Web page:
Major Historical Characters
Check out the links we've provided in the plot summary to find out more about who these guys really were. Here, it's all about how they function in Johnny Tremain.
Doctor Joseph Warren
Doctor Joseph Warren is a medical doctor and a member of the Boston Observers. While he's certainly not the most famous Founding Father, we would argue that he's the most important Founding Father character in Johnny Tremain. He has far more personal interaction with Johnny than the others do, and he's the only one who keeps pushing the issue about Johnny's injured hand.
Doctor Warren is just an all-around decent human being: "He was a fine-looking young man, with fresh skin and thick blond hair and very bright blue eyes. Even a horse boy merely entering that surgery would feel confidence in him and his skill" (6.2.19-20). He's kind, brave, generous, curious, and persistent. Check out the evidence.
He treats Merchant Lyte after his attack even though Lyte's a Tory and Warren doesn't like him, loans Johnny and Cilla his chaise and mare even though he doesn't want to, and actually asks Johnny about his hand while everyone else ignores it. When the fighting begins he goes straight into it, and he doesn't give up on Johnny's hand situation even after Johnny is rude the first time he asks about it.
Doctor Warren's most significant scene comes at the end of the novel. He is there when Johnny loses Rab and finally convinces Johnny to let him examine his hand and ultimately operate to free the thumb. As the novel ends, Doctor Warren is preparing his instruments for the operation that will allow Johnny to fight in the war.
Paul Revere is a successful silversmith and a member of the Boston Observers.
We know he's successful because he doesn't live and work in the same place. Instead, he has a silver shop, which Johnny visits when he needs advice on the design of the sugar basin for John Hancock. It's a testament to Johnny's skill that Revere offers to pay Mr. Lapham extra to buy the rest of Johnny's time.
Paul Revere is portrayed as a typically steady man with enormous amounts of energy:
Only Paul Revere showed no signs of the hard physical strain he had been under all the night before. Not long after dawn he had started on horseback for New York and Philadelphia with an account of the Tea Party. He could chop open tea chests all night, and ride all day. (6.6.43)
He makes numerous risky rides before the most famous one on the night of April 18, 1775. Paul Revere is usually the person Johnny reports any information to, and he also organizes a spy ring in the fall of 1774.
Sam Adams is a leading member of the Boston Observers and one of the most outspoken Whigs in Boston; he is heavily involved with the Sons of Liberty.
The phrase "the end justifies the means" might have been written for Sam Adams. All his appearances in the novel indicate that he "will work for war" (8.5.25). He does not believe that any reconciliation with Britain is possible, so he's determined to bring about the split quickly.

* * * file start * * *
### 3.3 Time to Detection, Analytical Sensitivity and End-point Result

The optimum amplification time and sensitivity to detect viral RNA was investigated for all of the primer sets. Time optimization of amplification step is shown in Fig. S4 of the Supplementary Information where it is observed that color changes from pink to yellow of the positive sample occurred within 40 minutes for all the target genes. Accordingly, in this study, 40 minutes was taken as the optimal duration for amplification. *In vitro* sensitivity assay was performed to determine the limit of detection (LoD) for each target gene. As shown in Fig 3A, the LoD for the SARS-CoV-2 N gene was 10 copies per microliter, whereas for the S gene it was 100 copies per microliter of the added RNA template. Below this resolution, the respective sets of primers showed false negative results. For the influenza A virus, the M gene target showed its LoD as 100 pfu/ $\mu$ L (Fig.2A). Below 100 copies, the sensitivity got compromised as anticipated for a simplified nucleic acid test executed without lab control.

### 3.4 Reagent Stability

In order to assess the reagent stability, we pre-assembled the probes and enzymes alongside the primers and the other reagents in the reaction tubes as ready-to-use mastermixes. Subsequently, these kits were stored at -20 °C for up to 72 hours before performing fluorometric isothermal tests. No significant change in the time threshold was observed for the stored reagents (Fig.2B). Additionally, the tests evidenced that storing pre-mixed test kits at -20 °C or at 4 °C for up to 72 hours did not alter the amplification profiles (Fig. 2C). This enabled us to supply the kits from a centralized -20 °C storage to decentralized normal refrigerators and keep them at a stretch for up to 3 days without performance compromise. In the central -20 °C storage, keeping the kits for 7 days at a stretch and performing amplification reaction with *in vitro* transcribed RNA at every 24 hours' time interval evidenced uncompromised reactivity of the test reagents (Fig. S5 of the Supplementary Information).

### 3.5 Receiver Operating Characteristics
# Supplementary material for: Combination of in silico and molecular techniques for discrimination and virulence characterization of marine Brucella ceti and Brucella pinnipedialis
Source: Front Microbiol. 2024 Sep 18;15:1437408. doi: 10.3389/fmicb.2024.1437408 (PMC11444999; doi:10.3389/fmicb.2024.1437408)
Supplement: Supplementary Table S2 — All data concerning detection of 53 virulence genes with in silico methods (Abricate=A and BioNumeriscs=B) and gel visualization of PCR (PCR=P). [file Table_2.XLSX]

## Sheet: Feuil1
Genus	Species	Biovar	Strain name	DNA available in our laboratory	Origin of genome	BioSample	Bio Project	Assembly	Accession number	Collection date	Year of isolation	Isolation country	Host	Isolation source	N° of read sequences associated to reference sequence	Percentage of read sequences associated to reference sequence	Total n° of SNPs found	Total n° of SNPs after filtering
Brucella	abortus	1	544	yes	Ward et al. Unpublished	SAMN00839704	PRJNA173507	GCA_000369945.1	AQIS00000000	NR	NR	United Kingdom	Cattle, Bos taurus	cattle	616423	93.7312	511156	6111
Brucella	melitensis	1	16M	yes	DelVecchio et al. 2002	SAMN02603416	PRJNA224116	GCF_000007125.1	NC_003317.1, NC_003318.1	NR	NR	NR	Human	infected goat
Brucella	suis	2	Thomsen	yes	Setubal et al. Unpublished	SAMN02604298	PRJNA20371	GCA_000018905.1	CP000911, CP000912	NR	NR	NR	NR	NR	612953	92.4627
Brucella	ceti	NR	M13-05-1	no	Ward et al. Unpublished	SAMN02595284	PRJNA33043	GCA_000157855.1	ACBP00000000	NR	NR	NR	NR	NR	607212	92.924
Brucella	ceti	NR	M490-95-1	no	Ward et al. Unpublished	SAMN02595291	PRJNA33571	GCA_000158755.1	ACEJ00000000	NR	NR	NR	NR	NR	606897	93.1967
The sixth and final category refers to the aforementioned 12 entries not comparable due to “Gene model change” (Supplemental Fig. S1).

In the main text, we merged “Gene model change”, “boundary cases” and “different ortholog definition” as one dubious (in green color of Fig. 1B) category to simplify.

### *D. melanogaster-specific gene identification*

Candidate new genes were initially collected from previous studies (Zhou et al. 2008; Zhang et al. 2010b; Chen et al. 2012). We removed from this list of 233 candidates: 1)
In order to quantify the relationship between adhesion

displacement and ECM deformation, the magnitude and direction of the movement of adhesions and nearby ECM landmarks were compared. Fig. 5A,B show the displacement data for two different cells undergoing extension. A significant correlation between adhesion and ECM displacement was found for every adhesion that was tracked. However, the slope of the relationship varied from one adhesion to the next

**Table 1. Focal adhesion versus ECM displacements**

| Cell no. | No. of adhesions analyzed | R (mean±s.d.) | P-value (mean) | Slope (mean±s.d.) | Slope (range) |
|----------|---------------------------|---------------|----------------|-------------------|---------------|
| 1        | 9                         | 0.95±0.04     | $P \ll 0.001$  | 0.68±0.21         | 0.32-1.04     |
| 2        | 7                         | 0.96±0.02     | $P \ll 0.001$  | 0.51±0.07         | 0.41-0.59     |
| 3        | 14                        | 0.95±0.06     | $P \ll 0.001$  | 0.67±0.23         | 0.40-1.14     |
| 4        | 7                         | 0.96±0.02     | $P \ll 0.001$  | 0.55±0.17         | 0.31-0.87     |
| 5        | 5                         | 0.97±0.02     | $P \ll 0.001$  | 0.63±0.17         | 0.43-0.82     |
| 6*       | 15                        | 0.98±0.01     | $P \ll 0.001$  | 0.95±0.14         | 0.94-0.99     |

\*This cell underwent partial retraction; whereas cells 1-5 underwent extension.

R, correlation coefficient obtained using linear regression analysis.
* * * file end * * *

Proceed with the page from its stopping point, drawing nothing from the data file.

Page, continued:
The characterization of Sam Adams is certainly not altogether positive. His hands are dirty, and he challenges any notion that the Founding Fathers were all nobly working for higher goals. Often, he is not noble. Johnny believes Adams would not respect Mrs. Bessie if he found out she warned the Lytes about the attack, and James Otis tells Adams he will never understand what the break with Britain is all about: "We need you, Sam. We must fight this war. You'll play your part—but what it is really about… you'll never know" (8.5.62).
In the end, Adams hightails it out of Boston before the shooting starts, knowing if war begins he'll be first on the list to be hanged.
John Hancock is a wealthy merchant and a member of the Boston Observers.
Johnny encounters John Hancock frequently in the first part of the novel, but Hancock gradually fades from view, although he is always present at the Boston Observers's meetings.
Hancock unwittingly sets the whole story into motion when he orders the sugar basin Johnny injures his hand making. Then he sends Johnny away from his counting house with a few harsh words after Johnny fails to write Hancock's name neatly. On both occasions, he gives out money. First, he gives all three apprentices a coin, which Mr. Lapham sees as a bribe. Then, after he sends Johnny away, he sends Jehu after him with a purse of silver. Hancock's not a bad guy, but he's one of those people who thinks that the answer is always to throw money at problems, maybe just because he doesn't know what else to do.
Hancock shows up again as a member of the Boston Observers. Here's our question: is that not awkward at all? He may not know that Johnny injured his hand making him a sugar basin, but surely he recognizes Johnny from the interview. Or maybe not. Maybe Johnny looks so different that he doesn't recognize him.
Hancock appears to be magnanimous and rather fastidious, and he doesn't like to look at unpleasant things. This quality is so pronounced that Johnny dreams about it:
He had been hard at work down on Hancock's Wharf boiling lobsters—he and John Hancock and Sam Adams. The lobsters had men's eyes with long lashes and squirmed and looked up piteously. Hancock would avert his sensitive face to their distress, "Go away, please" (but he kept pushing them under with his gold-headed cane). (10.1.13)